Seema Kohli: From the canvas of her life and artby Aparajita Krishna August 7 2020, 5:39 am Estimated Reading Time: 21 mins, 37 secs
Aparajita Krishna deep dives to Seema Kohli’s work and brings to you her thoughts, which influence her art.
“If you could say it in words, there would be no reason to paint”, is a quote from Edward Hopper, acknowledged as the most important realist painter and printmaker of twentieth-century America.
I am nonetheless attempting to word-paint Seema Kohli, one of the most recognized contemporary Indian painters. Delhi born and based Seema Kohli, is a Lalit Kala Akademi Award recipient and has received many other national and international honors and felicitations.
She expresses her creativity through various mediums; painting, drawing, printmaking, sculpture, mural, installation, ceramic and performance. She is also a teacher-lecturer and motivational speaker. Seema is quoted saying, “I am a mirror. When I paint, what you see is not what I have created, but what you want to see. I am both myth and reality. Pick the one you want but remember that the mirror distorts and so the myth might be reality and the reality might be myth.”
Pablo Picasso is said to have said, "Painting is a blind man's profession. He paints not what he sees, but what he feels, what he tells himself about what he has seen." Vincent Van Gogh is said to have said, “I dream my painting and then I paint my dream.”
The multi-disciplinary artist Seema Kohli, defines herself at 60 as a poet and a dreamer; thriving on imagination, ideas, philosophies, narratives, myths and creating these as images or words. She and her art have travelled across India and the world, partaking in some of the most prestigious exhibitions, events and interactions.
Seema Kohli says, “I have been showing internationally since the year 2000. Since then almost every year, I have been exhibiting in two to three countries. It is extremely enriching to travel with work, get feedback and also in the process learn about people, cultures and traditions. My works have been shown at Art Basel 2008, at Arco 2009, at Venice Biennale of Art and Architecture 2013-2014, at Kochi Biennale 2015 and at India Art Fair 2010 to 2019 among many others. I have also been invited to give talks, lectures and performances by TEDx, Royal Opera House (Mumbai), WIN Conference, NGMA (National Gallery of Modern Art, Bengaluru) and various universities in India and all over the world including University of Connecticut (UConn), California State University (Chico), Harvard University and Davis. My body of artworks are in collection with various museums and at places in India and abroad. To name a few: Supreme Court of India, DRDO India, T3 International Airport Delhi and Mumbai, Lalit Kala Akademi (LKA) Delhi, Kerala Museum of Arts, Ford Foundation, Rubin Museum of Art - New York, USA – and Museum of Sacred Arts (MOSA) in Belgium.”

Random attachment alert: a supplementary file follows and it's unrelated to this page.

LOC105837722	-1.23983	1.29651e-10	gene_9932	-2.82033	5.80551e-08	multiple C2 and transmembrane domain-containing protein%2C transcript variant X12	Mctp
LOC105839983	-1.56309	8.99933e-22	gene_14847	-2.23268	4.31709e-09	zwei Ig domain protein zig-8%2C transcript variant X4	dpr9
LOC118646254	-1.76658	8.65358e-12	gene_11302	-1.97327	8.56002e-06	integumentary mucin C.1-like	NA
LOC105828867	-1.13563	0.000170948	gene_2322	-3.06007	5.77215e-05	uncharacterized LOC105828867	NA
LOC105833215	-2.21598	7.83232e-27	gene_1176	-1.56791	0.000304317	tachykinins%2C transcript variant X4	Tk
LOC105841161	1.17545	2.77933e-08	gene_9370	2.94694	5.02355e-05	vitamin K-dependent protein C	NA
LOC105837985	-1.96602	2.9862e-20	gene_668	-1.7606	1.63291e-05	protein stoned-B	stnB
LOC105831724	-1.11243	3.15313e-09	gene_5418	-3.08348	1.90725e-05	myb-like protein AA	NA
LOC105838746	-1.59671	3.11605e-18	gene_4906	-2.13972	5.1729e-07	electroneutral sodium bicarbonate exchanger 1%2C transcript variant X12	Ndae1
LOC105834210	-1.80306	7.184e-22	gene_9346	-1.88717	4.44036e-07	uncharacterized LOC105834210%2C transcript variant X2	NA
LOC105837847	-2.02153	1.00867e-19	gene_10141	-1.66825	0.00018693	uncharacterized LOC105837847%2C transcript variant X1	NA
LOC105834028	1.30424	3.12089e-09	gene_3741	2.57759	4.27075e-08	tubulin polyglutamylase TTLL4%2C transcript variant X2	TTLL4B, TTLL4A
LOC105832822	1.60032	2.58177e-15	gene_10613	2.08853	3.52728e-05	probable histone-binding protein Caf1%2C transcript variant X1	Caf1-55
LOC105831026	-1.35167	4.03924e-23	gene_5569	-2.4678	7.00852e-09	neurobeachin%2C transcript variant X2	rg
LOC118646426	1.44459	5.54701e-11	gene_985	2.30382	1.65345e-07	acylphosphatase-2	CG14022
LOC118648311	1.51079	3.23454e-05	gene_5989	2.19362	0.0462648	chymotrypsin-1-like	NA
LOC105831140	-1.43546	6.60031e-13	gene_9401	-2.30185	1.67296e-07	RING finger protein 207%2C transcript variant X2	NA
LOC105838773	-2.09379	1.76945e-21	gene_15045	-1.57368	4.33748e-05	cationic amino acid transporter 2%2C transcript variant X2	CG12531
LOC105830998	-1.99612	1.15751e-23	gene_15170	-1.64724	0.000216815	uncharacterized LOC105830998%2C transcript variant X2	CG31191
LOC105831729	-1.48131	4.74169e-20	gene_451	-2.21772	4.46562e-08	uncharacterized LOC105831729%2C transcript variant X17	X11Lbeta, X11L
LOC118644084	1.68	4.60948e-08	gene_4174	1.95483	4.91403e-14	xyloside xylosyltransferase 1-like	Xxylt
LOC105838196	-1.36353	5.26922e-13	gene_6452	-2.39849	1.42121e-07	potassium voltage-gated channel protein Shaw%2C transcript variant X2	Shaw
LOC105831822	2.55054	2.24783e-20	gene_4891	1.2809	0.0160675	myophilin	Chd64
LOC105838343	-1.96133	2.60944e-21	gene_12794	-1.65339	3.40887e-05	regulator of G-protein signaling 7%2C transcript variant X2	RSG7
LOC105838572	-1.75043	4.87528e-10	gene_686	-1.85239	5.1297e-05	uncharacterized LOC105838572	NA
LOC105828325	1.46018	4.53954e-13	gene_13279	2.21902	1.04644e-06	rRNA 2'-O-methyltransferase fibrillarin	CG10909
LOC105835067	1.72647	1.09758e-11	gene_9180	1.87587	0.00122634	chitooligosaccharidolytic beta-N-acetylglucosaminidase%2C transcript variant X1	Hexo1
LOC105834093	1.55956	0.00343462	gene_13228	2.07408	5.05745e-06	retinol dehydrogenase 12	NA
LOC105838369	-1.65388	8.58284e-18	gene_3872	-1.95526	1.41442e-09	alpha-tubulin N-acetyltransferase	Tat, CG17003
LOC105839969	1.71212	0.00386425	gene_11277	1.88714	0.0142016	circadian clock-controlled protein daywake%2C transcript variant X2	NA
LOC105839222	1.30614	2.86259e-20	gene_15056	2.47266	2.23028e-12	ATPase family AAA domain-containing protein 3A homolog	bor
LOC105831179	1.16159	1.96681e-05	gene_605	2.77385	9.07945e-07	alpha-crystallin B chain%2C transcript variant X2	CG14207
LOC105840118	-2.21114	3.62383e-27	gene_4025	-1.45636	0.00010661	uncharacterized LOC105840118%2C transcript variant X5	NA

Seema’s last exhibition in India was, A Circle Of Our Own in 2019 at Sunder Nursery, a 16th century heritage park complex adjacent to the Humayun’s Tomb -a UNESCO World Heritage Site in Delhi. Her last few exhibitions-performances abroad were: In Silence the Secrets Speak in 2018 at Davis University (USA), Project Home at Yuba City (North California, USA) and Celestial Revelations at Museum of Sacred Arts, Durbuy, Belgium in 2019.
Seema Kohli’s exhibitions and shows have been inaugurated and graced by reputed personalities. Satish Gujral, Lalita Lajmi, Shabana Azmi, Javed Akhtar, Hema Malini, Sridevi, Sushmita Sen are some of the noted Indians in this count. Her paintings including custom made ones have also been commissioned by hotels.
She has been conferred with awards and citations. Among the chosen ones are; Female Empowerment, outstanding achievement award, by Molecule Communication, Mumbai (2014), Lifetime Achievement Award by Stree Shakti, India (2011), Young FICCI Ladies Organization Women Achievers Awards (2010), Gold Medal Florence Biennale - for 2-channel video installation, Swayamsiddha (2009), Marg Drishti Award, South Delhi Polytechnic for Women, New Delhi (2008) and Lalit Kala Akademi National Awards for Women (2007).
I have visited her exhibition, her stage performance and have been hosted at her beautiful studio-home in Delhi. I have seen her hands paint many interwoven stories with the finest of fine intricacies and have been astounded by the force of her work. To face and observe them on her home-turf added to my experience of Seema the artist and the person. The studio-home is beautified with colours, palette, clay, brushes, oil paints, canvases, books spread around. I adore one of the pictures shared herein that has captured Seema perched on top of the table sitting on her canvas and painting.